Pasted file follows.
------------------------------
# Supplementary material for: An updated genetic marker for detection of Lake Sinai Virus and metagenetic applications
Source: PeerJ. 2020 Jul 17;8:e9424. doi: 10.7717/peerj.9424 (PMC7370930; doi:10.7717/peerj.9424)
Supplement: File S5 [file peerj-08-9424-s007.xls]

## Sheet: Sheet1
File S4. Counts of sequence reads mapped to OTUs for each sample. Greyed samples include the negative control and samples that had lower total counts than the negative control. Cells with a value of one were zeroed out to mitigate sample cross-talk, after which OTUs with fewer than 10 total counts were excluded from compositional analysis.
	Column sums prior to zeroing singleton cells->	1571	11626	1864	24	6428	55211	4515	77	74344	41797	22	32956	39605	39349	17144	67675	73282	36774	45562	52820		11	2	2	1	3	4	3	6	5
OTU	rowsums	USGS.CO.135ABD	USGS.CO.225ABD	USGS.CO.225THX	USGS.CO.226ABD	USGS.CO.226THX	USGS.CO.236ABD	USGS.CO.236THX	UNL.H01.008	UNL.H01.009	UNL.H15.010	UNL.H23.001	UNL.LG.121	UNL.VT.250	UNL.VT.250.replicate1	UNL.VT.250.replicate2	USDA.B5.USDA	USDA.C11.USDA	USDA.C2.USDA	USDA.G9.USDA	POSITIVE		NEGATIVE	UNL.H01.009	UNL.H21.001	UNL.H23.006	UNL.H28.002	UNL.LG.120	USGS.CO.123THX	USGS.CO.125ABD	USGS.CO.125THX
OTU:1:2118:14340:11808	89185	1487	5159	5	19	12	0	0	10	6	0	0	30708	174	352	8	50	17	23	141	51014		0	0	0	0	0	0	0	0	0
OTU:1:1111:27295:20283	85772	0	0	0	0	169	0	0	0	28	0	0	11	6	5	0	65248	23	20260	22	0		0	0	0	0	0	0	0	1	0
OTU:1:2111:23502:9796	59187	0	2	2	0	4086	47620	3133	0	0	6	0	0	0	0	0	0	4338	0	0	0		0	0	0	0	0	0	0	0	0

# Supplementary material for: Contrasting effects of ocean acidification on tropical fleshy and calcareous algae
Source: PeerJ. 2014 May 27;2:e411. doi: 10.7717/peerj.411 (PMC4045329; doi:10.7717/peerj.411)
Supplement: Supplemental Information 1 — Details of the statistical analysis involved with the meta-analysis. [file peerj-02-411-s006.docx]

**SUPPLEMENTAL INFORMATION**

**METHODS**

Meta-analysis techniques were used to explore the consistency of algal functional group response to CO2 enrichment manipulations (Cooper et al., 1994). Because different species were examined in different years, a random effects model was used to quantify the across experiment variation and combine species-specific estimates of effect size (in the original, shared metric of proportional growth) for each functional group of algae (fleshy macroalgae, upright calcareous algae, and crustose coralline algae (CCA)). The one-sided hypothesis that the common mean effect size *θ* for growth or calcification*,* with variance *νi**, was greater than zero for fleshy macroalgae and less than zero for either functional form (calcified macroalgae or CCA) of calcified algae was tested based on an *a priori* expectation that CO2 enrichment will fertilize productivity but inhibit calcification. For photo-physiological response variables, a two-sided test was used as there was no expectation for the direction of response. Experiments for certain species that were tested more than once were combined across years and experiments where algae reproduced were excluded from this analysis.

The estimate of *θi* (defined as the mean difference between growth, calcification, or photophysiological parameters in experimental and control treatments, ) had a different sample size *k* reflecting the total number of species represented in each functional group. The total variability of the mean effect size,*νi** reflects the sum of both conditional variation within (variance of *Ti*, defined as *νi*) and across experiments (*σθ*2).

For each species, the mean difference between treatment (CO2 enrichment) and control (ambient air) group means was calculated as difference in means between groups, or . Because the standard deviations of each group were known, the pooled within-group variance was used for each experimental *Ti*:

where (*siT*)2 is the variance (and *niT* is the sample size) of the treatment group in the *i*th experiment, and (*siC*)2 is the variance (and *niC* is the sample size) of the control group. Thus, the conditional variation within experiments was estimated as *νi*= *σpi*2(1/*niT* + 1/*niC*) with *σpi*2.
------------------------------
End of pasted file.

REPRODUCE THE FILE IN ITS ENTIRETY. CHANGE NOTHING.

# Supplementary material for: An updated genetic marker for detection of Lake Sinai Virus and metagenetic applications
Source: PeerJ. 2020 Jul 17;8:e9424. doi: 10.7717/peerj.9424 (PMC7370930; doi:10.7717/peerj.9424)
Supplement: File S5 [file peerj-08-9424-s007.xls]

## Sheet: Sheet1
File S4. Counts of sequence reads mapped to OTUs for each sample. Greyed samples include the negative control and samples that had lower total counts than the negative control. Cells with a value of one were zeroed out to mitigate sample cross-talk, after which OTUs with fewer than 10 total counts were excluded from compositional analysis.
	Column sums prior to zeroing singleton cells->	1571	11626	1864	24	6428	55211	4515	77	74344	41797	22	32956	39605	39349	17144	67675	73282	36774	45562	52820		11	2	2	1	3	4	3	6	5
OTU	rowsums	USGS.CO.135ABD	USGS.CO.225ABD	USGS.CO.225THX	USGS.CO.226ABD	USGS.CO.226THX	USGS.CO.236ABD	USGS.CO.236THX	UNL.H01.008	UNL.H01.009	UNL.H15.010	UNL.H23.001	UNL.LG.121	UNL.VT.250	UNL.VT.250.replicate1	UNL.VT.250.replicate2	USDA.B5.USDA	USDA.C11.USDA	USDA.C2.USDA	USDA.G9.USDA	POSITIVE		NEGATIVE	UNL.H01.009	UNL.H21.001	UNL.H23.006	UNL.H28.002	UNL.LG.120	USGS.CO.123THX	USGS.CO.125ABD	USGS.CO.125THX
OTU:1:2118:14340:11808	89185	1487	5159	5	19	12	0	0	10	6	0	0	30708	174	352	8	50	17	23	141	51014		0	0	0	0	0	0	0	0	0
OTU:1:1111:27295:20283	85772	0	0	0	0	169	0	0	0	28	0	0	11	6	5	0	65248	23	20260	22	0		0	0	0	0	0	0	0	1	0
OTU:1:2111:23502:9796	59187	0	2	2	0	4086	47620	3133	0	0	6	0	0	0	0	0	0	4338	0	0	0		0	0	0	0	0	0	0	0	0

# Supplementary material for: Contrasting effects of ocean acidification on tropical fleshy and calcareous algae
Source: PeerJ. 2014 May 27;2:e411. doi: 10.7717/peerj.411 (PMC4045329; doi:10.7717/peerj.411)
Supplement: Supplemental Information 1 — Details of the statistical analysis involved with the meta-analysis. [file peerj-02-411-s006.docx]

**SUPPLEMENTAL INFORMATION**

**METHODS**

Meta-analysis techniques were used to explore the consistency of algal functional group response to CO2 enrichment manipulations (Cooper et al., 1994). Because different species were examined in different years, a random effects model was used to quantify the across experiment variation and combine species-specific estimates of effect size (in the original, shared metric of proportional growth) for each functional group of algae (fleshy macroalgae, upright calcareous algae, and crustose coralline algae (CCA)). The one-sided hypothesis that the common mean effect size *θ* for growth or calcification*,* with variance *νi**, was greater than zero for fleshy macroalgae and less than zero for either functional form (calcified macroalgae or CCA) of calcified algae was tested based on an *a priori* expectation that CO2 enrichment will fertilize productivity but inhibit calcification. For photo-physiological response variables, a two-sided test was used as there was no expectation for the direction of response. Experiments for certain species that were tested more than once were combined across years and experiments where algae reproduced were excluded from this analysis.

The estimate of *θi* (defined as the mean difference between growth, calcification, or photophysiological parameters in experimental and control treatments, ) had a different sample size *k* reflecting the total number of species represented in each functional group. The total variability of the mean effect size,*νi** reflects the sum of both conditional variation within (variance of *Ti*, defined as *νi*) and across experiments (*σθ*2).

For each species, the mean difference between treatment (CO2 enrichment) and control (ambient air) group means was calculated as difference in means between groups, or . Because the standard deviations of each group were known, the pooled within-group variance was used for each experimental *Ti*:

where (*siT*)2 is the variance (and *niT* is the sample size) of the treatment group in the *i*th experiment, and (*siC*)2 is the variance (and *niC* is the sample size) of the control group. Thus, the conditional variation within experiments was estimated as *νi*= *σpi*2(1/*niT* + 1/*niC*) with *σpi*2.